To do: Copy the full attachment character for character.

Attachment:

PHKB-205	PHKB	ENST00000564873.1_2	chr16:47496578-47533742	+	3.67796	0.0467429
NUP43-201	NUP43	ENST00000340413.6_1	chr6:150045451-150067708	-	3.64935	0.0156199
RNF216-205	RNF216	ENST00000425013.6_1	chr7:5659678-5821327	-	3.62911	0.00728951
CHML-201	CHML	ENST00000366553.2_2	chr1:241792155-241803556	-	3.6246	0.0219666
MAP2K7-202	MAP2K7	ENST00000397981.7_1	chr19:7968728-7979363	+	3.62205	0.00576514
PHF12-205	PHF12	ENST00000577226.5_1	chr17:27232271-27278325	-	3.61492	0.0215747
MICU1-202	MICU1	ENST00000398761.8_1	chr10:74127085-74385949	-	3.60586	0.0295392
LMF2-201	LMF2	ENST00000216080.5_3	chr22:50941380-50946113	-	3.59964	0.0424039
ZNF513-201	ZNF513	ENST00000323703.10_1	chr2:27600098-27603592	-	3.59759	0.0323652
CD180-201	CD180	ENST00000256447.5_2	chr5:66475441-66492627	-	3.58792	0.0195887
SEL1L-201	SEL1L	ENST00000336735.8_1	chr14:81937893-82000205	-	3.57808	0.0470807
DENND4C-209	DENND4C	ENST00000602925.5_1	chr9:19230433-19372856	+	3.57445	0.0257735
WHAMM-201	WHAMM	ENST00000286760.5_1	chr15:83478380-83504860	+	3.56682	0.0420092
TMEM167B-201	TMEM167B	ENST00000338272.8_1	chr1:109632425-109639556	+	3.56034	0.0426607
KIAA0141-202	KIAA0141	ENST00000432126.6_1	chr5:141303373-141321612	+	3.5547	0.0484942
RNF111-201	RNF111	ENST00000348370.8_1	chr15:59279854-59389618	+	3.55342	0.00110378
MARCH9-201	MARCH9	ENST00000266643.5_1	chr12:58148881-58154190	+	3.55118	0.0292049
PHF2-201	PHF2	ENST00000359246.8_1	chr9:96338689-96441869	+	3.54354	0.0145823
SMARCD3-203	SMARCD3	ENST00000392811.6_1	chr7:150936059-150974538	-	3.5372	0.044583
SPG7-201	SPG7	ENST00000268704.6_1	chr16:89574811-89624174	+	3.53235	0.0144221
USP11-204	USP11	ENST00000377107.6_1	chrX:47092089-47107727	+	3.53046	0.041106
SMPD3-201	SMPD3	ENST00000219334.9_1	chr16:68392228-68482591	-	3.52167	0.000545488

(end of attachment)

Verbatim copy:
PHKB-205	PHKB	ENST00000564873.1_2	chr16:47496578-47533742	+	3.67796	0.0467429
NUP43-201	NUP43	ENST00000340413.6_1	chr6:150045451-150067708	-	3.64935	0.0156199
RNF216-205	RNF216	ENST00000425013.6_1	chr7:5659678-5821327	-	3.62911	0.00728951
CHML-201	CHML	ENST00000366553.2_2	chr1:241792155-241803556	-	3.6246	0.0219666
MAP2K7-202	MAP2K7	ENST00000397981.7_1	chr19:7968728-7979363	+	3.62205	0.00576514
PHF12-205	PHF12	ENST00000577226.5_1	chr17:27232271-27278325	-	3.61492	0.0215747
MICU1-202	MICU1	ENST00000398761.8_1	chr10:74127085-74385949	-	3.60586	0.0295392
LMF2-201	LMF2	ENST00000216080.5_3	chr22:50941380-50946113	-	3.59964	0.0424039
ZNF513-201	ZNF513	ENST00000323703.10_1	chr2:27600098-27603592	-	3.59759	0.0323652
CD180-201	CD180	ENST00000256447.5_2	chr5:66475441-66492627	-	3.58792	0.0195887
SEL1L-201	SEL1L	ENST00000336735.8_1	chr14:81937893-82000205	-	3.57808	0.0470807
DENND4C-209	DENND4C	ENST00000602925.5_1	chr9:19230433-19372856	+	3.57445	0.0257735
WHAMM-201	WHAMM	ENST00000286760.5_1	chr15:83478380-83504860	+	3.56682	0.0420092
TMEM167B-201	TMEM167B	ENST00000338272.8_1	chr1:109632425-109639556	+	3.56034	0.0426607
KIAA0141-202	KIAA0141	ENST00000432126.6_1	chr5:141303373-141321612	+	3.5547	0.0484942
RNF111-201	RNF111	ENST00000348370.8_1	chr15:59279854-59389618	+	3.55342	0.00110378
MARCH9-201	MARCH9	ENST00000266643.5_1	chr12:58148881-58154190	+	3.55118	0.0292049
PHF2-201	PHF2	ENST00000359246.8_1	chr9:96338689-96441869	+	3.54354	0.0145823
SMARCD3-203	SMARCD3	ENST00000392811.6_1	chr7:150936059-150974538	-	3.5372	0.044583
SPG7-201	SPG7	ENST00000268704.6_1	chr16:89574811-89624174	+	3.53235	0.0144221
USP11-204	USP11	ENST00000377107.6_1	chrX:47092089-47107727	+	3.53046	0.041106
SMPD3-201	SMPD3	ENST00000219334.9_1	chr16:68392228-68482591	-	3.52167	0.000545488